Notions of fashion and beauty in the Maldives have changed a lot in recent years, though most styles make a comeback eventually.
Historical practices such as teeth-filing, side buns and shaving the heads of young children have long-since been replaced by more modern routines (though many older residents still insist on burying their hair and nail clippings).
Among the young generations, mundhus, fattharubai and two styles of libaas are pretty much out, though the supposedly-newer styles of headscarves and top-knots have also been seen before (even if few realise it).
One of the lesser-known looks waiting for a comeback is the painted unibrow on young children. The longevity of this practice is unknown, as are its origins, but pictures and people confirm that this interesting trend was in vogue until very recently.
Some folk tales, and the 17th century report from Francois Pyrard, describe Maldivians darkening their eyebrows (buma), though no mention is normally made of them meeting in the middle. Besides, the recent Maldivian monobrow was exclusively for youngsters.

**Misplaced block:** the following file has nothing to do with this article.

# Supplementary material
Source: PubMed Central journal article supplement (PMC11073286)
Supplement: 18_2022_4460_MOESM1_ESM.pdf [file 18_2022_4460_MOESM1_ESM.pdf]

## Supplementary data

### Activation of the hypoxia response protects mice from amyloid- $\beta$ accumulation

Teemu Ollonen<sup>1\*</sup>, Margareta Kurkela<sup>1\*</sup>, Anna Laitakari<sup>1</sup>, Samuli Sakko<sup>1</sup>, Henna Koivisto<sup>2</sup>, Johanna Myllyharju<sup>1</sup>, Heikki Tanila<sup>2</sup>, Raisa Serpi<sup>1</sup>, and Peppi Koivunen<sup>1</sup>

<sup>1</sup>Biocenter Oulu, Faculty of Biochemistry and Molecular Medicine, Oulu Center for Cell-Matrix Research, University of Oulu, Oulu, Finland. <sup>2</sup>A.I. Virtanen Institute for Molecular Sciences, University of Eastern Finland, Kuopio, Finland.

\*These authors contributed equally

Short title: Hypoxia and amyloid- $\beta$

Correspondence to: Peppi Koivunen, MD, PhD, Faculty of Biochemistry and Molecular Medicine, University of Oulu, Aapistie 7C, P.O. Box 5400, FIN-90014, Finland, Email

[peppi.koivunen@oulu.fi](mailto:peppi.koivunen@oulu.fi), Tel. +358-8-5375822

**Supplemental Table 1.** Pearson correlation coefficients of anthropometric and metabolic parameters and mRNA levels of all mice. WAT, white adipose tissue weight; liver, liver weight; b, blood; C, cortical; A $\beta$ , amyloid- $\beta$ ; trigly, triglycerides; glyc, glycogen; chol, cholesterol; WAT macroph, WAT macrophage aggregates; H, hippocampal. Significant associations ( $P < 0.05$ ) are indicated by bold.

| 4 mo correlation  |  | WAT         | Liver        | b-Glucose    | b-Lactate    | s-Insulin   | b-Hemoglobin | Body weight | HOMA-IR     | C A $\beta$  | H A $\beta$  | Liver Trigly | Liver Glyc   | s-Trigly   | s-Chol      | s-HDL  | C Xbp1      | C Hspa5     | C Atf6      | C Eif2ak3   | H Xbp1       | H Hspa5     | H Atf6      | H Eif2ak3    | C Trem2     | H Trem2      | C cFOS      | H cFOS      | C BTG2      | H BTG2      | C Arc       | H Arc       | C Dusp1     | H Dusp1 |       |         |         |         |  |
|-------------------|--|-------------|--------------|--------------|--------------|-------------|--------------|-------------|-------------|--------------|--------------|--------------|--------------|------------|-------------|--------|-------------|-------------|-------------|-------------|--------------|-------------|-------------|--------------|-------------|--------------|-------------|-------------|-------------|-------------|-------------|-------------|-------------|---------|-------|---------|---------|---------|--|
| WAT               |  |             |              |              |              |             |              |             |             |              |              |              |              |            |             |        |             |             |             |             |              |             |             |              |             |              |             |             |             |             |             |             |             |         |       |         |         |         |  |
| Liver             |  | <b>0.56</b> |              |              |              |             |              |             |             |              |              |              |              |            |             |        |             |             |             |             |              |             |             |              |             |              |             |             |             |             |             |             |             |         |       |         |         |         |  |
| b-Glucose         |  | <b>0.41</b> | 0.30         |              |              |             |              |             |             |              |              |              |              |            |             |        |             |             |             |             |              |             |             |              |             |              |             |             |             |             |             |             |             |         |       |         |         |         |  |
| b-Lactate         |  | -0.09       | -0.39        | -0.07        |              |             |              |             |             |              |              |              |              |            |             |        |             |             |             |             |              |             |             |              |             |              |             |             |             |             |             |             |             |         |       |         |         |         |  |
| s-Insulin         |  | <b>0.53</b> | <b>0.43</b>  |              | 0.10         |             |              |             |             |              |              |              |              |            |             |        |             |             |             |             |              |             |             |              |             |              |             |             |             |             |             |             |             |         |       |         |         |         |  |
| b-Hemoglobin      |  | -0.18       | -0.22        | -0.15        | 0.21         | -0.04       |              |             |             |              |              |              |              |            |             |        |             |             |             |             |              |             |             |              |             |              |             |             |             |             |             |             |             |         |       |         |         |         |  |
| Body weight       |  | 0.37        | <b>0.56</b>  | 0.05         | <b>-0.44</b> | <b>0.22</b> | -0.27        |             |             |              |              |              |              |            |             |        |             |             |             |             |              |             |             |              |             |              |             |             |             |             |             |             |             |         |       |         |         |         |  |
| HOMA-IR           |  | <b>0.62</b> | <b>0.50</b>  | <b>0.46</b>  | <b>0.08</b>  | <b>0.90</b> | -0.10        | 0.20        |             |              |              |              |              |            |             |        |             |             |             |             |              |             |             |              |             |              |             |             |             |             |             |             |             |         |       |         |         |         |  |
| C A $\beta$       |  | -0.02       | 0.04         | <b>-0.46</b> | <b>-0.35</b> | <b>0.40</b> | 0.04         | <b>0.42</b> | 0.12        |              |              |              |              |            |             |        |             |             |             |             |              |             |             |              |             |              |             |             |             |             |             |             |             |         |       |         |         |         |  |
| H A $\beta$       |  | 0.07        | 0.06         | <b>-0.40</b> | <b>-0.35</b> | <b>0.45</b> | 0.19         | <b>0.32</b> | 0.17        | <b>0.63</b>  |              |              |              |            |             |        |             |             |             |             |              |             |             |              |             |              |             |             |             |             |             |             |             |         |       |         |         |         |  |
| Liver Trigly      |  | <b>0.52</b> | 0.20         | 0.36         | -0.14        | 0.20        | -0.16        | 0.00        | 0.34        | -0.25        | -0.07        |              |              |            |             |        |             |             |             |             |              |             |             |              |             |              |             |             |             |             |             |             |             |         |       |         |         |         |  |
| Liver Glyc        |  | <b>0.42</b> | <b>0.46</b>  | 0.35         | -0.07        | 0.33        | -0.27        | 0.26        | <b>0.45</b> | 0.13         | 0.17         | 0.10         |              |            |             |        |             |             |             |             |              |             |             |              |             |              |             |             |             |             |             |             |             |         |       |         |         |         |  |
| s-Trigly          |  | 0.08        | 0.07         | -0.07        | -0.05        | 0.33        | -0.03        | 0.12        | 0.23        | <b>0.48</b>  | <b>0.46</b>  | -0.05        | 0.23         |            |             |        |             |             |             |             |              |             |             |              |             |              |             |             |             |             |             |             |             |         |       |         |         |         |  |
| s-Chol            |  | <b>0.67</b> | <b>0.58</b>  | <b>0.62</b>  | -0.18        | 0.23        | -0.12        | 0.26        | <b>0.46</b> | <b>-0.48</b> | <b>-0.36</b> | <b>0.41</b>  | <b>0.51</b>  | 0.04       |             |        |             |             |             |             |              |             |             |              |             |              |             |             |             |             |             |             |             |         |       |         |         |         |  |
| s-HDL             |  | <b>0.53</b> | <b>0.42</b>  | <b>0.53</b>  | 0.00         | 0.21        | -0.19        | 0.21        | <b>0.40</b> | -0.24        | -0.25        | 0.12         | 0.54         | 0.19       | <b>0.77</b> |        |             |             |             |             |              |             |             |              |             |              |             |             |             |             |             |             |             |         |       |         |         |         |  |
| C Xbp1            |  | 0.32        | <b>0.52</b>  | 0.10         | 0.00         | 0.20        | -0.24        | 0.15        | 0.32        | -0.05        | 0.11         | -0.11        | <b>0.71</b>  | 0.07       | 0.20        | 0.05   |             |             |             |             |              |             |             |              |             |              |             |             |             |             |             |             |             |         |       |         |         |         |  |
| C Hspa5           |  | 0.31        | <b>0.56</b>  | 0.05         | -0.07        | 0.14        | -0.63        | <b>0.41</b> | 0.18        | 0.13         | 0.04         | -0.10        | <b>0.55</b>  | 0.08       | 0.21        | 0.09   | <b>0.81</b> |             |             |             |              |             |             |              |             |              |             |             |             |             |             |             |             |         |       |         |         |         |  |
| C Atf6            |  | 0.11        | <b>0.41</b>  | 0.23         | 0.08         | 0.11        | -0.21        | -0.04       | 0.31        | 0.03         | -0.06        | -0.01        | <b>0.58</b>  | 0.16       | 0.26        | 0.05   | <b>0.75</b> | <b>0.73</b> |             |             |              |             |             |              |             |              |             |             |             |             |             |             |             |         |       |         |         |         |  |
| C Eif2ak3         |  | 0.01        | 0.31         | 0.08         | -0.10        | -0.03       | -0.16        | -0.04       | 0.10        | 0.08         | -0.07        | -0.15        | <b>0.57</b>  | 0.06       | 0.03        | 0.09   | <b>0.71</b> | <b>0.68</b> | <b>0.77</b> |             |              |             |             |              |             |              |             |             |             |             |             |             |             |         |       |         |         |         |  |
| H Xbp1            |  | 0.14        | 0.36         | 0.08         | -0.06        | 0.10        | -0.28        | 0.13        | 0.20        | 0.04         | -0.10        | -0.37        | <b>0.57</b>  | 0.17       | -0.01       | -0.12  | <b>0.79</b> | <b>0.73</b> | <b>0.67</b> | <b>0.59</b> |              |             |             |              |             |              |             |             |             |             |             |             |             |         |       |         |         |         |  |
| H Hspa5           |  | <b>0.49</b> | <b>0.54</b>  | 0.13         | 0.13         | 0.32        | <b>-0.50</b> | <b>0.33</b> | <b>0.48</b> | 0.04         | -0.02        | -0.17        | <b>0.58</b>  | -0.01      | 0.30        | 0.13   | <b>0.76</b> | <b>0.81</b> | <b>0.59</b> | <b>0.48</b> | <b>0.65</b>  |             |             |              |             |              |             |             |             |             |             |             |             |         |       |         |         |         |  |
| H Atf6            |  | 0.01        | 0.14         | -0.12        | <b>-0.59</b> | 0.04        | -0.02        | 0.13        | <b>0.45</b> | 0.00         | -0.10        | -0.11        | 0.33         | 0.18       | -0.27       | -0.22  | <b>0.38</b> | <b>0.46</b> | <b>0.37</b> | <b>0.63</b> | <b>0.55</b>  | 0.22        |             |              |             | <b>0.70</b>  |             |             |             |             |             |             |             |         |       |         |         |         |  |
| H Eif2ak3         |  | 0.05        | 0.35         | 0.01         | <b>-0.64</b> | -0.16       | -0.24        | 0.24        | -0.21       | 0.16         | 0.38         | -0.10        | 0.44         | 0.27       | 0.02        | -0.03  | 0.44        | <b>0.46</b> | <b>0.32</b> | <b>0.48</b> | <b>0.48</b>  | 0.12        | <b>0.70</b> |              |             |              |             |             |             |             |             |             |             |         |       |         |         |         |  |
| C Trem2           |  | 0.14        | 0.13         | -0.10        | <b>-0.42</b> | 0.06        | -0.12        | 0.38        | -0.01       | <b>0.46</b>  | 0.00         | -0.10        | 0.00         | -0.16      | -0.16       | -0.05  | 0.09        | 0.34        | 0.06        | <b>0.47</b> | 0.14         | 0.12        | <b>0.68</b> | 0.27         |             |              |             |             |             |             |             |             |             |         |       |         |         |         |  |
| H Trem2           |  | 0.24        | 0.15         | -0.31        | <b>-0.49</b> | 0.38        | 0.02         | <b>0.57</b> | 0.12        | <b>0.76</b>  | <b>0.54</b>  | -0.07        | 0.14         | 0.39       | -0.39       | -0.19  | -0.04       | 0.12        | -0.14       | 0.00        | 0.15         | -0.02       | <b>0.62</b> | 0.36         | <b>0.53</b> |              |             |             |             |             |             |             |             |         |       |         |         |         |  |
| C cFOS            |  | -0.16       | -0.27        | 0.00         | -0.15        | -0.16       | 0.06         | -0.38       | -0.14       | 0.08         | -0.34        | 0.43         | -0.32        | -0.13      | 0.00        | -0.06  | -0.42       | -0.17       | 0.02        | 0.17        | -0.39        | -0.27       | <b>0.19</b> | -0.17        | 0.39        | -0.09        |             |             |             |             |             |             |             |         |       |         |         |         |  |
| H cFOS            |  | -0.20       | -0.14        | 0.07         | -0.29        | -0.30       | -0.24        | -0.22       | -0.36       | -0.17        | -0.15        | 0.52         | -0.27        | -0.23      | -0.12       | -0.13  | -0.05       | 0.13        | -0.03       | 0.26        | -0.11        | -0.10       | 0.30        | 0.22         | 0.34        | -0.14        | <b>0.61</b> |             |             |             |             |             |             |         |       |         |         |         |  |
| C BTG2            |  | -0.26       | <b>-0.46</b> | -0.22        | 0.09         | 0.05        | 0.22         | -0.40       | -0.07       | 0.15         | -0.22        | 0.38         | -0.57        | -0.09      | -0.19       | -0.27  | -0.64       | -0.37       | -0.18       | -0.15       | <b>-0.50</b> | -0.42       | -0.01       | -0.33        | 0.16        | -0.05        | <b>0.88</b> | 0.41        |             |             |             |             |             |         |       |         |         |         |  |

When older parents are asked the reason the buma were booming, the only explanation seems to be, ‘for beauty’. The monobrow has been, and still is, considered a sign of beauty in many parts of the world, even if it’s normally sneered at in the West (think Frida Kahlo vs Bert from Sesame Street).
It was considered most desirable in ancient Greece and Rome, and women in Tajikistan continue to dye the spaces between their eyebrows, considering it a sign of purity.
The Maldives has been – and continues to be – influenced by the global currents of culture, and the unusual unibrow must have washed up from somewhere. Maldivian children have traditionally been subjected to a range of treatments to avoid jinn and esfinnaa, but no one seems to be linking the evil eye with these evil eyebrows.
Perhaps the furrowed fad will one day make its own comeback, though when it does it might be tough to tell just how happy the kids really are about it (retro or rulhi?).